Exempt Employees (info cribbed from internet)

Exempt employees are not granted the protections of the FLSA and are therefore not entitled to overtime pay. Some types of jobs are considered exempt by definition under the law, including outside sales staff and airline employees. But for most professions, an individual is an exempt employee if he or she meets the following three tests:

  1. Is paid at least $23,600 per year (or $455 per week)
  2. Is paid on a salary basis
  3. Performs exempt job duties

The salary requirement does not apply to certain professions that pay on an hourly basis, including physicians and schoolteachers.

Exempt Job Duties

The third test for exemption status concerns the type of work an employee performs. As a rule of thumb, exempt employees tend to perform relatively high-level duties with respect to the company’s overall operations (regardless of job title). The FLSA breaks this out into three main categories: executive, professional, and administrative.

Exempt Job Duties: Executive

An employee is exempt from FLSA rules as an executive if he or she regularly performs all of the following:

  1. Supervises two or more other employees
  2. Primary duty of the position is management
  3. Has genuine input into other employees’ job status (hiring, firing, assignments, etc.)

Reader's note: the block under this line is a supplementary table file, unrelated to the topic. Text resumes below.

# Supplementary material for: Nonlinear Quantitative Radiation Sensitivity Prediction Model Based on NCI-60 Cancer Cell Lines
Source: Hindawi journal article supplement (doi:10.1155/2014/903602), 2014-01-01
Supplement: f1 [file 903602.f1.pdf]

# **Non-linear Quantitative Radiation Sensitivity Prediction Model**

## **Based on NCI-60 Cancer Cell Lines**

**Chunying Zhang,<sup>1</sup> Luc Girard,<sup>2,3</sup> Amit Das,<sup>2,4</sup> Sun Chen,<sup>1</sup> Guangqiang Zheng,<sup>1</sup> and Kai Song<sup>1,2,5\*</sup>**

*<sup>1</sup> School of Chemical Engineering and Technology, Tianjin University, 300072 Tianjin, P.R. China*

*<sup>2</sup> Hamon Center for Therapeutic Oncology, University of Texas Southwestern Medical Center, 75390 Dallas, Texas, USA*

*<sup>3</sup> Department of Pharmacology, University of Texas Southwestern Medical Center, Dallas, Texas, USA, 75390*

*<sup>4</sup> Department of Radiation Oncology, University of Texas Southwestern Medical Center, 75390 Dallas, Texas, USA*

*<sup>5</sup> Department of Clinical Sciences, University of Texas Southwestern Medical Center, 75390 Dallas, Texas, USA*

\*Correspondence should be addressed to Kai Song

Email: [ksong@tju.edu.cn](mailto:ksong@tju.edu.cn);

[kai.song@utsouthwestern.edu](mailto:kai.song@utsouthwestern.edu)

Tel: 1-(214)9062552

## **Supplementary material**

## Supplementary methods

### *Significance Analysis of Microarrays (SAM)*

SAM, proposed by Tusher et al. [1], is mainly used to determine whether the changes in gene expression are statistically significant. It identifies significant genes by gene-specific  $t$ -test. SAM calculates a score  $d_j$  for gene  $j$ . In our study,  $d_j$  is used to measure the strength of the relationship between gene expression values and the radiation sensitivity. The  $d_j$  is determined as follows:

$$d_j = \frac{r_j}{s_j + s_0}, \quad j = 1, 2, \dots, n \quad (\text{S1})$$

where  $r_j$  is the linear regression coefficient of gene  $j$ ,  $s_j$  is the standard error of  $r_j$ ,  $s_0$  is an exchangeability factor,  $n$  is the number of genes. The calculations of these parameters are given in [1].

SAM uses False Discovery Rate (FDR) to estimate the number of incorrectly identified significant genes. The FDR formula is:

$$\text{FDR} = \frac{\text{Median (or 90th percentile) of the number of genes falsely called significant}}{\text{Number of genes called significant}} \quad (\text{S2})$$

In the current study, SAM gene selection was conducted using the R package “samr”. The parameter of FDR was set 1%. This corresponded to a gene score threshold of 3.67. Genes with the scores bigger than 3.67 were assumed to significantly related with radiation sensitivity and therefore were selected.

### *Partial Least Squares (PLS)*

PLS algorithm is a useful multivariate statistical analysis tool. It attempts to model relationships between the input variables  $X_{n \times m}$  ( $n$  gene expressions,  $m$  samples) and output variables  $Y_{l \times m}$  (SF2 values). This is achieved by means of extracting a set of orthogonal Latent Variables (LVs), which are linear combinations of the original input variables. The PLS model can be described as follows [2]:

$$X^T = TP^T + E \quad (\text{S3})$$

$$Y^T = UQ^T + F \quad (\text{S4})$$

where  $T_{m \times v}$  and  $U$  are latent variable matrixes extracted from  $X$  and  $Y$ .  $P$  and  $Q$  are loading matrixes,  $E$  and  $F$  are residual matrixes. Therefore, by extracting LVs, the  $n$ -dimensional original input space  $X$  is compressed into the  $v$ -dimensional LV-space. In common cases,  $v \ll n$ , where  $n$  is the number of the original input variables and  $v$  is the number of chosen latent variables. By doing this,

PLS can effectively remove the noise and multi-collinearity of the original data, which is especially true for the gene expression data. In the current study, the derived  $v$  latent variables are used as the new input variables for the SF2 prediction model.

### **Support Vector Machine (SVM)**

This determination is made on a case-by-case basis, as each duty leaves room for interpretation. As a rule of thumb, an employee working exempt executive duties is “in charge” or considered “the boss.”

Exempt Job Duties: Professional

Exempt professional employees include lawyers, physicians, teachers, architects, registered nurses and other employees performing work requiring advanced education or training. These typically are intellectual jobs requiring specialized education and involving the use of discretion and judgment. This exemption does not include skilled trades, mechanical arts or other work that does not require a college or postgraduate degree.

This exemption also includes creative professionals such as writers, journalists, actors and musicians. Typically, such jobs require imagination, talent and some unique contribution to the employer.

Exempt Job Duties: Administrative

This exemption is for employees whose main duties involve the support of the business, such as human resource staff, public relations or payroll and accounting. As a rule of thumb, administrative employees do not directly produce what the company sells; however, they are at a much higher level than those performing simple clerical work.

The FLSA defines exempt administrative job duties as follows:
(a) office or non-manual work, which is
(b) directly related to management or general business operations of the employer or the employer’s customers, and
(c) a primary component of which involves the exercise of independent judgment and discretion about
(d) matters of significance.

As always, I share what I most want and need to learn. – Nathan S. Collier